Walter M. Schirra

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Pride in his father's accomplishments as a pilot in World War I led Walter Marty Schirra, Jr. to develop an intense interest in aviation. He graduated from the United States Naval Academy in 1945 and became a naval aviator in 1948. As a fighter pilot in Korea he flew 90 combat missions and downed two MiGs. After Korea he took part in the development of Sidewinder missiles at the Naval Ordnance Test Station, then returned to the fleet and introduced the air-to-air missiles to operation squadrons. He was project pilot for the development of the F-7U Cutlass aircraft. He attended the University of Southern California and then completed test pilot training at the Naval Air Test Center, Patuxent River, Maryland. It was from this background that Wally Schirra was chosen with the first group of U.S. astronauts on April 9th 1959. His first space flight in Mercury Sigma 7 on October 3rd 1962, was a flawless 6-orbit mission. He was command pilot for the Gemini VI-A mission in December 1965, and performed the first rendezvous of two manned maneuverable spacecraft. On his final spaceflight, as command pilot of Apollo VII, Schirra's task on October 11th 1968, was to prove the reliability of the Apollo spacecraft on its first manned mission. He became the only astronaut to have flown as commander in Mercury, Gemini and Apollo programs. He retired from the Navy and NASA, with the rank of captain, in July 1969 to enter private business. During a ceremony at the San Diego Aerospace Museum on November 16th 2005, NASA honored veteran astronaut Walter M. Schirra, Jr. as an Ambassador of Exploration. Schirra was also presented with a moon rock to recognize the sacrifices and dedication of the Mercury, Gemini and Apollo astronauts. The moon rock remains on display in the museum. Schirra passed away on May 3, 2007.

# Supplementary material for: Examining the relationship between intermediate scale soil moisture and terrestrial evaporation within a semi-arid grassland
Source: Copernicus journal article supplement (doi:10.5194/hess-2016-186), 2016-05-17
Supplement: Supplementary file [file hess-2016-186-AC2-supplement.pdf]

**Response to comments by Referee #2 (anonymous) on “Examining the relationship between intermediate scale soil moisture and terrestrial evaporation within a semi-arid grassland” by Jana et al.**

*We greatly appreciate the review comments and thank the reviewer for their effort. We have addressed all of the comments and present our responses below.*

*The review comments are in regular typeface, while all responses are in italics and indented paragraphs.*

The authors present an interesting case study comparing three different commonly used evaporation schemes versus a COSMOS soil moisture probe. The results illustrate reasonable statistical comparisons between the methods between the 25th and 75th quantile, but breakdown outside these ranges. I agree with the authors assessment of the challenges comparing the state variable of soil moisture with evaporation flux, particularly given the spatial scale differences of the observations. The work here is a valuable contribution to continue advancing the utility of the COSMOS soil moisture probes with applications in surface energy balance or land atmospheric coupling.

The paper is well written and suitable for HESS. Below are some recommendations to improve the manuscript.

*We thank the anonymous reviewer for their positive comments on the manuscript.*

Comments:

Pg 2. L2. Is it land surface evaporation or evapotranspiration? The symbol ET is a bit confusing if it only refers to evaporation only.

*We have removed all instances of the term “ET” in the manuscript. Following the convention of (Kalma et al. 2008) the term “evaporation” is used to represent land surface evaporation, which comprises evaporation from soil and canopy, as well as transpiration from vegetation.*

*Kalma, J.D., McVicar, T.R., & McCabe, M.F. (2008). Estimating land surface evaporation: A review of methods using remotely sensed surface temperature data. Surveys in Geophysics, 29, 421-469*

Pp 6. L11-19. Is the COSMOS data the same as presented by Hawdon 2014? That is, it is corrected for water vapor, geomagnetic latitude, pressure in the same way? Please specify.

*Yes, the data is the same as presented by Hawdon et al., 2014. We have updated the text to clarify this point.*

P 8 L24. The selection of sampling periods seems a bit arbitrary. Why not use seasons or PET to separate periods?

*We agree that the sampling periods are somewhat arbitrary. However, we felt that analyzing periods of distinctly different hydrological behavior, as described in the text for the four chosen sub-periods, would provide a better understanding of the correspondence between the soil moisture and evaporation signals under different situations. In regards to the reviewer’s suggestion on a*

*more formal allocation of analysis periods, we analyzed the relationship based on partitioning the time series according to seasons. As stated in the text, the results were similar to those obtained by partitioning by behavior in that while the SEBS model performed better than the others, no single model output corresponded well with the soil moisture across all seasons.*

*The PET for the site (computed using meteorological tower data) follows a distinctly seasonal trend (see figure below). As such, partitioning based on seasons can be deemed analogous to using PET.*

Inducted in 1970.
Portrait Location: Space Gallery

Induction Video

San Diego Air & Space Museum

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